Wednesday, December 10, 2008

Publix

UPDATE
THE KING Rules with a big stick and a even larger heart. After posting the PUBLIX blog on November 29, 2008, the King received two emails from Leslie Spencer of Publix, and several phone calls. The emails apologized for this lapse in service from and otherwise excellent organization, and try as they might, the excuses for not having milk added up to a perfect storm of the Thanksgiving holiday weekend, the Former Albertsons grocery store being closed, and milk being used for baking.
Still unacceptable since no other Publix in the entire state of Florida seemed to have this particular problem. I accepted a meeting with store manager Darryl Johnson who again apologized and offered the King free groceries for my inconvenience. Of course the King could use free groceries, but this is not about me, its about my constituents and my community being disrespected.
See, the King and his organization King George Advisors specializes in turning negative situations into positive outcomes and since Publix has plans to reopen the former Albertsons as a new store, I insisted that this apology be made to the community, not me. I explained to Publix brass that my favorite charity is the Boys and Girls Club of the Suncoast and that the Royal Theater managed by Charles Murph should play a prominent role in this store opening. I also called my good friend Carl Lavender, Executive Director of the Boys and Girls Clubs to make sure there was proper followup.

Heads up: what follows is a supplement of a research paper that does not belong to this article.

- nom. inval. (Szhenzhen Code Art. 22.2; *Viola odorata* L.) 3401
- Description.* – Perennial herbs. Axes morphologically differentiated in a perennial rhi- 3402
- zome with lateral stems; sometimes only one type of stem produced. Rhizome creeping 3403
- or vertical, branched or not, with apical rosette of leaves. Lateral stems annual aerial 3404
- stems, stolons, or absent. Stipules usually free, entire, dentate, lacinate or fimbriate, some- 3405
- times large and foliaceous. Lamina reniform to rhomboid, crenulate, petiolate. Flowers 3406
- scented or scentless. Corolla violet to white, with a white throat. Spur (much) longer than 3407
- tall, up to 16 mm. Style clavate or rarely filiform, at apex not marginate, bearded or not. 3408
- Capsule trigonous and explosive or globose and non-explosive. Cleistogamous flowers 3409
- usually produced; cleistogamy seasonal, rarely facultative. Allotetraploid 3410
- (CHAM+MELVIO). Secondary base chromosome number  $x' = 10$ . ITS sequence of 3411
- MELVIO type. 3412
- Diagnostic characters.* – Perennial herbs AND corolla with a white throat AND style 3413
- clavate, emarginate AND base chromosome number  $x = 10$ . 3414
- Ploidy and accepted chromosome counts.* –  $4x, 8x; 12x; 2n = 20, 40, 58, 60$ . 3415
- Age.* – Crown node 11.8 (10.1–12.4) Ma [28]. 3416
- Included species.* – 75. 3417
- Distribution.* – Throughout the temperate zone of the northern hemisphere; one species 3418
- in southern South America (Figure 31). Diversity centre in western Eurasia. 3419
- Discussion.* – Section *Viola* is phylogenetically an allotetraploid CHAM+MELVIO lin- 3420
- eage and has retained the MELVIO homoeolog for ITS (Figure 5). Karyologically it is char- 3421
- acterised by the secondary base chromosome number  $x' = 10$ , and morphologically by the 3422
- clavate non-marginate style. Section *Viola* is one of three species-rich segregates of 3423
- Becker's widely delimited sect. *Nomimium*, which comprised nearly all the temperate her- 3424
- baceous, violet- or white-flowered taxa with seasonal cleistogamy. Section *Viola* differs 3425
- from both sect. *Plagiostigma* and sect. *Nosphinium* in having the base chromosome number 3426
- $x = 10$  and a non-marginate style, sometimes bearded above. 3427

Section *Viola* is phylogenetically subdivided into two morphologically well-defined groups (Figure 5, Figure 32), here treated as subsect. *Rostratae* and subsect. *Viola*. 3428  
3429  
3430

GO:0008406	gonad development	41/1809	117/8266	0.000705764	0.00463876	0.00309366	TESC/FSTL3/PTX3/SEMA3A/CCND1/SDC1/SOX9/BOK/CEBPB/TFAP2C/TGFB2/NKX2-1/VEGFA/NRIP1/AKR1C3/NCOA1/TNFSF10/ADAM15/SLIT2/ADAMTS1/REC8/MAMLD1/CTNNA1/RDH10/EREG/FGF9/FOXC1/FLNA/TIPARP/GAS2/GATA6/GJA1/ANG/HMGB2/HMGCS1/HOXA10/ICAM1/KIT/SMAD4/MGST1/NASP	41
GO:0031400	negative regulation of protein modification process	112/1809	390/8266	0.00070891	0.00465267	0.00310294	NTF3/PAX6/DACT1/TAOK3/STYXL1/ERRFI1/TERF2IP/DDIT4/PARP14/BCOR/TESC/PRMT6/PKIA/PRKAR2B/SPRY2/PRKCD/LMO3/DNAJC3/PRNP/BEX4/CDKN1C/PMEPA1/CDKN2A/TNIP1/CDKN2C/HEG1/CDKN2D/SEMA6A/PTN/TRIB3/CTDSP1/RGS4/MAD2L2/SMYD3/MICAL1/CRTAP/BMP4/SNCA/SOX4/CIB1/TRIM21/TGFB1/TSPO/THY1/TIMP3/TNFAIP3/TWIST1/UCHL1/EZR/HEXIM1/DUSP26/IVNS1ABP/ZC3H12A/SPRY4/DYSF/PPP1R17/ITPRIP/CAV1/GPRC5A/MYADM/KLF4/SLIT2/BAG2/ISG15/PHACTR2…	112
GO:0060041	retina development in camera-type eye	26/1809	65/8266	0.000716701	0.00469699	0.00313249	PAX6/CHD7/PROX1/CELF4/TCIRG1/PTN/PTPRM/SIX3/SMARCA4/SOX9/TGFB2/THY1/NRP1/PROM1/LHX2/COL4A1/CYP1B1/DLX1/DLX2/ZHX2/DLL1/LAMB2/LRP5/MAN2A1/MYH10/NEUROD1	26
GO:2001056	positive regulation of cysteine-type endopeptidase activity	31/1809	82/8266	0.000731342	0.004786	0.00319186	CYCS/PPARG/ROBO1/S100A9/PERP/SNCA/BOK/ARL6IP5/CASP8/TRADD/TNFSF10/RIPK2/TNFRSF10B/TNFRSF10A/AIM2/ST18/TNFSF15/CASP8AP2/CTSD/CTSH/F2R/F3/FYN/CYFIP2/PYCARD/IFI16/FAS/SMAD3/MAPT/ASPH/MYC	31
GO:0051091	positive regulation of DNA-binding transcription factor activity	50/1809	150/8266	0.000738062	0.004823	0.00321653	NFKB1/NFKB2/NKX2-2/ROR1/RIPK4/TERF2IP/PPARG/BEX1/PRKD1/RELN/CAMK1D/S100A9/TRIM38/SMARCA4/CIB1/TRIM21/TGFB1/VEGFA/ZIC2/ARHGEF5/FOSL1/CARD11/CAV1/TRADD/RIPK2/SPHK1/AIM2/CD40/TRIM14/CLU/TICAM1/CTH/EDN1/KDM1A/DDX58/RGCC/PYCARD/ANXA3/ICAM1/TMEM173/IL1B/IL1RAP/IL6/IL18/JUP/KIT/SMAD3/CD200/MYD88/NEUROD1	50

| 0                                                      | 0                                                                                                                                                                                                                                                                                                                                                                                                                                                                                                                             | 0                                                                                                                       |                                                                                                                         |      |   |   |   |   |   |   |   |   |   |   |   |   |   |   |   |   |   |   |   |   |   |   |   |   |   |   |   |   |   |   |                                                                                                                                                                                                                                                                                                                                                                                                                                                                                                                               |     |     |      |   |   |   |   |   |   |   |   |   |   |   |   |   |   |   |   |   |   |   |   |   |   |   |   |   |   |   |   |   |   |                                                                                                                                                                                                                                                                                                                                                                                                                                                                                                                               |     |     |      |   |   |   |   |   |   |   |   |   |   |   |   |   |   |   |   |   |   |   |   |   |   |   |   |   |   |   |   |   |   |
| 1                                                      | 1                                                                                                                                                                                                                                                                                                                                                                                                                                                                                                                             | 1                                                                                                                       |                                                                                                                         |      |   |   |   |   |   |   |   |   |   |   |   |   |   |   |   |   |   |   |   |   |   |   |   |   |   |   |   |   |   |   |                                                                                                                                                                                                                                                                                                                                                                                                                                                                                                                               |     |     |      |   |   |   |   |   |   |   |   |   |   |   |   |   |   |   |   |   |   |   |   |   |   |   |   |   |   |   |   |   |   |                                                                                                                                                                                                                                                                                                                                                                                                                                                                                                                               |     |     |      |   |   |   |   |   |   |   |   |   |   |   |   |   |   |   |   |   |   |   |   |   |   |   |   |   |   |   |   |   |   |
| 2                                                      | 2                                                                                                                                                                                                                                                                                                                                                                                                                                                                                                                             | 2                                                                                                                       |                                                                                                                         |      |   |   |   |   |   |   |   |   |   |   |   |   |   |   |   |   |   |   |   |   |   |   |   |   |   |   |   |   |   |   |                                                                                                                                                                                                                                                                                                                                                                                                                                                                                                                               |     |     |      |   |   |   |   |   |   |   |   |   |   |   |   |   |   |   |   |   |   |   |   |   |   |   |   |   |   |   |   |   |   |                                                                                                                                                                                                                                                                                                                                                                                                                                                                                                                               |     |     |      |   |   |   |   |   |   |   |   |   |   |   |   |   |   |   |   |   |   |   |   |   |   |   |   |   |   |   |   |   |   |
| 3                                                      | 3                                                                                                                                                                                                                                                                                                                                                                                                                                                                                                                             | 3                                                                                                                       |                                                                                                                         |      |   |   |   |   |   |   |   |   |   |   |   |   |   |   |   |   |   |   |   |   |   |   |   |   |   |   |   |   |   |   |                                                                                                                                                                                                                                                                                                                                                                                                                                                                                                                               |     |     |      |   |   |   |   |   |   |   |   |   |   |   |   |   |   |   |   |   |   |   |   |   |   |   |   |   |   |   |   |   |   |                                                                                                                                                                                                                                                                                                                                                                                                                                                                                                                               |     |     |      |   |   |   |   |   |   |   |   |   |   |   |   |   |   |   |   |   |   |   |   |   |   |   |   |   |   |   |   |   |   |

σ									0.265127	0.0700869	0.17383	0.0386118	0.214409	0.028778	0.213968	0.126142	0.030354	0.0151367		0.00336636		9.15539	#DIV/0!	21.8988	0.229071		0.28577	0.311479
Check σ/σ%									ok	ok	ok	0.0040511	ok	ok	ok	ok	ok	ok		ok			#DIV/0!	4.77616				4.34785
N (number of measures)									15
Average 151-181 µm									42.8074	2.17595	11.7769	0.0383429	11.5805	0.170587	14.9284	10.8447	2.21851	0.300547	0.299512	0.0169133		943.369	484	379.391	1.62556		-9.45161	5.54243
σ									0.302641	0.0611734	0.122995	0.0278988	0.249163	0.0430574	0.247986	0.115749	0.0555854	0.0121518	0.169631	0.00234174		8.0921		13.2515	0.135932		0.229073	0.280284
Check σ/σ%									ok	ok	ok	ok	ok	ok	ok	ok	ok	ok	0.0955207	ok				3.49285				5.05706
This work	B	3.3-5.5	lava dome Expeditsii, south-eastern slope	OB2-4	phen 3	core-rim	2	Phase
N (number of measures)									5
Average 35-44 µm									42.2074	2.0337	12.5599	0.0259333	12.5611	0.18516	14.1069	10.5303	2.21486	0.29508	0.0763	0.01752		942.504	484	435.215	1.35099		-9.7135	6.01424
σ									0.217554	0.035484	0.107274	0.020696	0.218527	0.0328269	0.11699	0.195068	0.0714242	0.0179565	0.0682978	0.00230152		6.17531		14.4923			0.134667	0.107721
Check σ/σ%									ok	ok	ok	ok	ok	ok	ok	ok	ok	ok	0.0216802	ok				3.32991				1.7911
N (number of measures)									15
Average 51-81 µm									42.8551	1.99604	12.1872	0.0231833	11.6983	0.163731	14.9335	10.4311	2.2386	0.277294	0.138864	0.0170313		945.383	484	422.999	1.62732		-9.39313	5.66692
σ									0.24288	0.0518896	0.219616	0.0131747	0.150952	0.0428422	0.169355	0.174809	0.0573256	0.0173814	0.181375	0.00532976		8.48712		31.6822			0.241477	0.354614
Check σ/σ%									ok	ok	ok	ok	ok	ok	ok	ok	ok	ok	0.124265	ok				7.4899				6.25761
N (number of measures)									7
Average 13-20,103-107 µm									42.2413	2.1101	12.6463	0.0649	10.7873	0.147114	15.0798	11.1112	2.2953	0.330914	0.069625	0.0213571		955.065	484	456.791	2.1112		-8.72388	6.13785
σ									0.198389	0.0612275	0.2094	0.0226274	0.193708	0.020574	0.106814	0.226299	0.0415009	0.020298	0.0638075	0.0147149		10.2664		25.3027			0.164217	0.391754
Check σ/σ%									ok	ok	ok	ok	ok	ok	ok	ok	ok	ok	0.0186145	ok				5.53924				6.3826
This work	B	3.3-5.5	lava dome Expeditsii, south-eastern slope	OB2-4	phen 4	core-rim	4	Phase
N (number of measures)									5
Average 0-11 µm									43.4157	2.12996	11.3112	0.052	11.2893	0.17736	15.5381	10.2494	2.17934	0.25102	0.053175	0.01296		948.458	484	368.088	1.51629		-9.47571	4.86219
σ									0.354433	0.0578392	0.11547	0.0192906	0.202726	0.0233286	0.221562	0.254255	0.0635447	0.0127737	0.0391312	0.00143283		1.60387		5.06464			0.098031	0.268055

A lack of milk will now turn into a private public partnership to support one of my favorite charities. Who knows, maybe Publix will donate a year supply of milk to the Boys and Girls Club along with other valuable consideration.
If you think that was a positive outcome, become one of our clients.
KING GEORGE
ORIGINAL BLOG
Many of you think the King walks around looking for discrimination because I am the authentic Angry Black Man. I do not. Maybe I am more sensitive because I served as Commissioner of the Florida Commission on Human Relations and learned that the business with the most discrimination complaints during my tenure in the state of Florida was the St. Petersburg Times. However, just when I think everything is euphoric in the United States and that discrimination may soon be a thing of the past, a minor irritant just smacks me back to reality.
Sure, we have a Black President-elect, but can a brother get some milk in the Publix Grocery store in a predominately Black Neighborhood. Today, November 29, 2008, there was no milk in the Publix (store 00259) located on 5295 34th Street South in St. Petersburg, Florida. Me being the outspoken person that I am, I let the store manager know of my frustration. Milk is a staple of the American diet and Publix is supposed to make shopping a pleasure. Their advertisements always emphasize how well stocked their stores are so I cannot accept any other reason for this lapse of product except discrimination or gross incompetence.
This irritated me to no end because I had just left a Publix located at 7999 9th Street North (store 00688) in the very same city and that store was overflowing with milk of all kinds. Also, I routinely visit store 001339 in St Pete Beach and milk never seems to be a problem.
I visit Publix stores all across the state of Florida from Miami to Jacksonville to Tallahassee to Orlando and have never noticed this issue. But wait, those other stores were always in predominately white communities. As a matter of fact, when I visited store 00751 in Seminole, Florida, I was greeted with food and wine while walking through the isles.
Is it too much to expect quality treatment and service from a grocery store which operates in four states at all locations? I think not.
Good King George
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